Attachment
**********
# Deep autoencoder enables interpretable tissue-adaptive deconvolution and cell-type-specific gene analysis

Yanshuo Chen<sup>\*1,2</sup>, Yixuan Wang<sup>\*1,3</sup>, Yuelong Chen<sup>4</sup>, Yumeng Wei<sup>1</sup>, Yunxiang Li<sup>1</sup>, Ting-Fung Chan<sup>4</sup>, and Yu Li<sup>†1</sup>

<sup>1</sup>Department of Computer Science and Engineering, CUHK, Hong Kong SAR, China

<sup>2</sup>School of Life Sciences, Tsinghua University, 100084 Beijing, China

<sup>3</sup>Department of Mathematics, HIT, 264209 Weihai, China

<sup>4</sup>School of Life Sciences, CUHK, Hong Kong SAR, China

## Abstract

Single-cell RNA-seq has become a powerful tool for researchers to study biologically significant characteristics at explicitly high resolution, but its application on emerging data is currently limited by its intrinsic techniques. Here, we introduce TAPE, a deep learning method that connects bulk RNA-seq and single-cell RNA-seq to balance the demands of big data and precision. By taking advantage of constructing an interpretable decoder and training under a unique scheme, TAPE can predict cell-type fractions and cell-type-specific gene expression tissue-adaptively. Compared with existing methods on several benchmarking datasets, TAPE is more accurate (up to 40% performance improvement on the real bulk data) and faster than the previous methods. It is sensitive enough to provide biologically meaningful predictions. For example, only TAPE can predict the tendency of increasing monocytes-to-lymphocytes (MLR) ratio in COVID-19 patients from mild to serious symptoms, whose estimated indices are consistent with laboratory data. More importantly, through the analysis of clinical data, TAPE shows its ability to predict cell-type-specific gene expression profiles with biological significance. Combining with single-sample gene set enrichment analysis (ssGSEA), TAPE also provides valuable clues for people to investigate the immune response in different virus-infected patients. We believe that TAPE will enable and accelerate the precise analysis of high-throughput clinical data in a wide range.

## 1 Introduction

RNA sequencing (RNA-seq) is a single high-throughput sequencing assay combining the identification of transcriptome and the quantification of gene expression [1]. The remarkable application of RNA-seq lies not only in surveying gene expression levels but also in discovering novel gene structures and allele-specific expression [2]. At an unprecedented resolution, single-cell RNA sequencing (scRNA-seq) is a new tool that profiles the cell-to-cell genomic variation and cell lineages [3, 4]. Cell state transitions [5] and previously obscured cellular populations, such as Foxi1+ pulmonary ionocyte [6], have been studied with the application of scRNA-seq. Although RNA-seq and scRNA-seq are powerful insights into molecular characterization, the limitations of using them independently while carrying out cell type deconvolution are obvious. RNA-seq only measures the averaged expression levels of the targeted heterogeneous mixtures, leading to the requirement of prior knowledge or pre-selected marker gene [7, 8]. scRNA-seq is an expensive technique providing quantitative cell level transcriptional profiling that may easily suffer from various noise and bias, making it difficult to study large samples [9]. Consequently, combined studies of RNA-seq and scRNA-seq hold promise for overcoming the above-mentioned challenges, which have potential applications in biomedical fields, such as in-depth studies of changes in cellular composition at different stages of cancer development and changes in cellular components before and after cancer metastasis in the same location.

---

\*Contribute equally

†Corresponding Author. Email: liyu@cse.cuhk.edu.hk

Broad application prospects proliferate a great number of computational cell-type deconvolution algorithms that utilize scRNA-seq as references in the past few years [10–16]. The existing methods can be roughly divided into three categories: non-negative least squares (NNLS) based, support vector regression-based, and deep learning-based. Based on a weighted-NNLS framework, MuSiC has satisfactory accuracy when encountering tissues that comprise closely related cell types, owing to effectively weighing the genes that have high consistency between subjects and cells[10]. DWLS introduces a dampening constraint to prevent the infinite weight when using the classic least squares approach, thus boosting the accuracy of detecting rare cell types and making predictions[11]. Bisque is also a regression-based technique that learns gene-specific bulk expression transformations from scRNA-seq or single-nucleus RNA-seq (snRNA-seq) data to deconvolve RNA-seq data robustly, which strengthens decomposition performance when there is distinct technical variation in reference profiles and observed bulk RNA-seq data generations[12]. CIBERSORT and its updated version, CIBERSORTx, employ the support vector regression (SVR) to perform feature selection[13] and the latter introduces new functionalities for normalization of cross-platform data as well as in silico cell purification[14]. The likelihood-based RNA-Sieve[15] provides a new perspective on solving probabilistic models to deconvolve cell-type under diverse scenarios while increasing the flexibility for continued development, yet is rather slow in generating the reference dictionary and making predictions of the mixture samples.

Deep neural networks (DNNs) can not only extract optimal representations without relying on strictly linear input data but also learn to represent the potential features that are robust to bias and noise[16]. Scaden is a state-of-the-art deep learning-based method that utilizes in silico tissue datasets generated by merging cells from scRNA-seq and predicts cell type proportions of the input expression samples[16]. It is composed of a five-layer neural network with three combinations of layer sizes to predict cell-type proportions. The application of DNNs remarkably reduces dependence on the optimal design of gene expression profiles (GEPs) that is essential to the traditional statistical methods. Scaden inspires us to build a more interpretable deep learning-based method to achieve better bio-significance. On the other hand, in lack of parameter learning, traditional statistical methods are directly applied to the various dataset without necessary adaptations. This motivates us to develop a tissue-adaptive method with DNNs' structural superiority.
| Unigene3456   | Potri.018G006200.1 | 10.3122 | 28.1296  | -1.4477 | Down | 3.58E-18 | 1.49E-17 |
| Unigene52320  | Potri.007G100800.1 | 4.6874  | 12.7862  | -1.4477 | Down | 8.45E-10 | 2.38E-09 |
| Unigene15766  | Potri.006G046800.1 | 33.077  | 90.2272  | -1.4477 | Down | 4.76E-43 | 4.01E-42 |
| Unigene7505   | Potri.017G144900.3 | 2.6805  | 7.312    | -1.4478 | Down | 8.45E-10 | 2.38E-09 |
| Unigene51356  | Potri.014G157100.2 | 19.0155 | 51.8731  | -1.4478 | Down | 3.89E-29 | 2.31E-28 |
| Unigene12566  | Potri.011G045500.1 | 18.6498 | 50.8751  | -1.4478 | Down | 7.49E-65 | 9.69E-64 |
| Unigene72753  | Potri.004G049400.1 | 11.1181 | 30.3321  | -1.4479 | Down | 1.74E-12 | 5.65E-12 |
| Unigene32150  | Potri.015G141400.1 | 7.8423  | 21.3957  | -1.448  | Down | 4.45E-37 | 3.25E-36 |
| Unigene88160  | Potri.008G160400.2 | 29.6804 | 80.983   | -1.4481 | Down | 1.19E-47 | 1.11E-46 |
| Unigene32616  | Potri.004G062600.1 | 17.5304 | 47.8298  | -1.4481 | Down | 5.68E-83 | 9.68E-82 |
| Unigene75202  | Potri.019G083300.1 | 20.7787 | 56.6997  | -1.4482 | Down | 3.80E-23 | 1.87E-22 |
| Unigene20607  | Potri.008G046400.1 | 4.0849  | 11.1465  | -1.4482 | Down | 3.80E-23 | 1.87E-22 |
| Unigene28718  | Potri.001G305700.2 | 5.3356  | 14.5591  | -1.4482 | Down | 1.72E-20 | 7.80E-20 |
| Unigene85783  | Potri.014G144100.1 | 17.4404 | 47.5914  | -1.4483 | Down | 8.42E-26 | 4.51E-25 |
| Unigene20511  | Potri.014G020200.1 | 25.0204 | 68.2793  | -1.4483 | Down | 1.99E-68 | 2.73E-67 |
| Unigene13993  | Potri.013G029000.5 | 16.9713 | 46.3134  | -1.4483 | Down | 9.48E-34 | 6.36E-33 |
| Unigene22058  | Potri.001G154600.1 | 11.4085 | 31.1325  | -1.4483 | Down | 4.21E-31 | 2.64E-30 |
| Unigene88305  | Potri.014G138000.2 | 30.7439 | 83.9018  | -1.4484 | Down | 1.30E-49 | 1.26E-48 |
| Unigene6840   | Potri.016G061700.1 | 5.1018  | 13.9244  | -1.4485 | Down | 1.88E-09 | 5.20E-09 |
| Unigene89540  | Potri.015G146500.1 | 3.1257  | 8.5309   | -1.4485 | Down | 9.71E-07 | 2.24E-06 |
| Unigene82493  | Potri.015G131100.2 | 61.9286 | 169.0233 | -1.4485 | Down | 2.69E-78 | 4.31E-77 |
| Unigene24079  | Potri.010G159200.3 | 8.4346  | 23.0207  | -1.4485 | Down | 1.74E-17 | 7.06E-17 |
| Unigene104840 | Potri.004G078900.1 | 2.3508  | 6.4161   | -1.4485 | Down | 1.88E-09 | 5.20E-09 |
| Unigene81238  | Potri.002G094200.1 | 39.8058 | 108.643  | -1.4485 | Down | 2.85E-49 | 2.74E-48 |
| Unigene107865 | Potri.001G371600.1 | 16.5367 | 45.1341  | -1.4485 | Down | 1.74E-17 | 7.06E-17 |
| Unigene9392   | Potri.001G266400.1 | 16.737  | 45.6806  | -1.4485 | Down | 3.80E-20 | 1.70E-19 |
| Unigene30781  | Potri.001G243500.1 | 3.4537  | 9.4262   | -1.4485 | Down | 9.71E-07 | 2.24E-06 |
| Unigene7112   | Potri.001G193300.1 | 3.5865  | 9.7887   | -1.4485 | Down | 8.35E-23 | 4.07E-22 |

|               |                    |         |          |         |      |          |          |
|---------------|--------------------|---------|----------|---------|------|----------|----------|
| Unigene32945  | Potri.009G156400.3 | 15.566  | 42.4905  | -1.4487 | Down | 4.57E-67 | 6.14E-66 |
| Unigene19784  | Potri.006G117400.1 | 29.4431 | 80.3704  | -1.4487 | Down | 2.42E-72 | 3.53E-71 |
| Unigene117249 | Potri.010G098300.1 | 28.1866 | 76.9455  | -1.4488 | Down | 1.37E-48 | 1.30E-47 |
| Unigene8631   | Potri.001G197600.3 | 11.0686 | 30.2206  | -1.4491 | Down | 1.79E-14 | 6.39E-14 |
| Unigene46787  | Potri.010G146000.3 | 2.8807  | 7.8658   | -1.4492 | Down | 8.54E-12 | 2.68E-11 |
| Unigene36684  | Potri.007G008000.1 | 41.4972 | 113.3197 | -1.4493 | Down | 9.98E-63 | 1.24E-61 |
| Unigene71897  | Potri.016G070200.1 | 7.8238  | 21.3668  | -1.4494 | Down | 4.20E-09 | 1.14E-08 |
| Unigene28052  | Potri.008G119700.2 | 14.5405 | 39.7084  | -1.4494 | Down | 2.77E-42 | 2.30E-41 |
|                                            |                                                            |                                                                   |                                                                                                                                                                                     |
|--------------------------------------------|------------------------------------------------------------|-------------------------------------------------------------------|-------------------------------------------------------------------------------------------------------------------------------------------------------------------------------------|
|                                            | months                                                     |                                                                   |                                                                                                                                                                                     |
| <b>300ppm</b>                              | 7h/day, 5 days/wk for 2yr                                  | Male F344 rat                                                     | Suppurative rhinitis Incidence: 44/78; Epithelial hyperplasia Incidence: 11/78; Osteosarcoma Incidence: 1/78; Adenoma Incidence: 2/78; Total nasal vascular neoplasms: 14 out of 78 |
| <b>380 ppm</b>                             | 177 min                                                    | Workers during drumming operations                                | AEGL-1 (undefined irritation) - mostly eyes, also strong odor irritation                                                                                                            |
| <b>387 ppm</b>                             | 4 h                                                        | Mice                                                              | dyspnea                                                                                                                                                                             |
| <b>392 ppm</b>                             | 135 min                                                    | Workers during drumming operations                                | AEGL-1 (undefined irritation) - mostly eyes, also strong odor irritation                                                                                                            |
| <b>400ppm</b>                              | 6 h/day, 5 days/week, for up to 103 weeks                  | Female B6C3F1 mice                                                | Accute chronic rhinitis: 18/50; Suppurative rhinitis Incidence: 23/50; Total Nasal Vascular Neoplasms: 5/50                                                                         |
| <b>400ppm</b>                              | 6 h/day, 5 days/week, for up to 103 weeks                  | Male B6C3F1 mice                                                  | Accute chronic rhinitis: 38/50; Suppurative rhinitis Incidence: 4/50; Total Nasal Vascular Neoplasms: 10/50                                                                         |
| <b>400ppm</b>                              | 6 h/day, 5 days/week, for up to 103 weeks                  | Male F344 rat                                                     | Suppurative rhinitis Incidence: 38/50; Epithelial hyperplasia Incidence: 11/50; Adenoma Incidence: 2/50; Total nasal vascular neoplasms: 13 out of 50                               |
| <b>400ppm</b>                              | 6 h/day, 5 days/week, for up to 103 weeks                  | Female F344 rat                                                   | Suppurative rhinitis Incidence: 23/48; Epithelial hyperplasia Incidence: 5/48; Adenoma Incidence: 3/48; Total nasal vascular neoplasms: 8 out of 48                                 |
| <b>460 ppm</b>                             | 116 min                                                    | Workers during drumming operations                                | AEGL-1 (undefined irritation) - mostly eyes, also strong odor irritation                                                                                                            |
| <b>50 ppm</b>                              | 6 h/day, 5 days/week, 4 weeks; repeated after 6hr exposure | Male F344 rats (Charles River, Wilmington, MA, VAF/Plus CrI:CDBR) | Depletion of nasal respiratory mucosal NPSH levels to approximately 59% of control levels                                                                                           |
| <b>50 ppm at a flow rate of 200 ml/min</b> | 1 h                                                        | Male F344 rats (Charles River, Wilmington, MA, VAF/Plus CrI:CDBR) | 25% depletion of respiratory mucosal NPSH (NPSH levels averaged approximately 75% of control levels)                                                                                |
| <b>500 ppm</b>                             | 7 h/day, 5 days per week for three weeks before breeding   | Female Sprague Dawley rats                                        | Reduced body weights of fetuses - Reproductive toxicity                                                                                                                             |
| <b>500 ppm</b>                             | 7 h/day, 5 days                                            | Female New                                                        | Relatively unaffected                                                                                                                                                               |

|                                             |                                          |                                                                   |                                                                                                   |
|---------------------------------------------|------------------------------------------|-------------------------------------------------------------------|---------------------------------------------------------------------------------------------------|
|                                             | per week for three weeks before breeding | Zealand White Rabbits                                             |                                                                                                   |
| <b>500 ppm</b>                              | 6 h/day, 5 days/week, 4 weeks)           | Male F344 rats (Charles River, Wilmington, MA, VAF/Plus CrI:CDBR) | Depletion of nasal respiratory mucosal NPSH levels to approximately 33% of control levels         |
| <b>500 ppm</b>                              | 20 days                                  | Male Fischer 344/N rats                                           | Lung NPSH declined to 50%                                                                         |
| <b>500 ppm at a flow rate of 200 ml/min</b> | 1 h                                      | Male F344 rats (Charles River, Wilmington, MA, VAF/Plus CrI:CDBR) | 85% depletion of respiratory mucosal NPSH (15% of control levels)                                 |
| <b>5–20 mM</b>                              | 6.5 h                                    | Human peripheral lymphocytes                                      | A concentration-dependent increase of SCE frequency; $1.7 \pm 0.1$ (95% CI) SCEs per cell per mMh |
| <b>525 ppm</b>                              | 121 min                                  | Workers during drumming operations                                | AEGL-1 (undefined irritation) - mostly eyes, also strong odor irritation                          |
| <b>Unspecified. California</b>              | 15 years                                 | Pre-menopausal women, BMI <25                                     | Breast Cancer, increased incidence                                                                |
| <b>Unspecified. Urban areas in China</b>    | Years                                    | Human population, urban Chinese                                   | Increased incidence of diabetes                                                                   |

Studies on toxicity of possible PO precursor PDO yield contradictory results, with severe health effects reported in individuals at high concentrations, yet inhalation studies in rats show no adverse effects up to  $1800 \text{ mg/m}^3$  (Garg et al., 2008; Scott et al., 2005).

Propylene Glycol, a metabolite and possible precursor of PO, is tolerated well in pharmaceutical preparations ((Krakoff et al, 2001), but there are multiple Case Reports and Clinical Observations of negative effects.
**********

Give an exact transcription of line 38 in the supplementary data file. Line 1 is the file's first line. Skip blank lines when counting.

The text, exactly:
| Unigene104840 | Potri.004G078900.1 | 2.3508  | 6.4161   | -1.4485 | Down | 1.88E-09 | 5.20E-09 |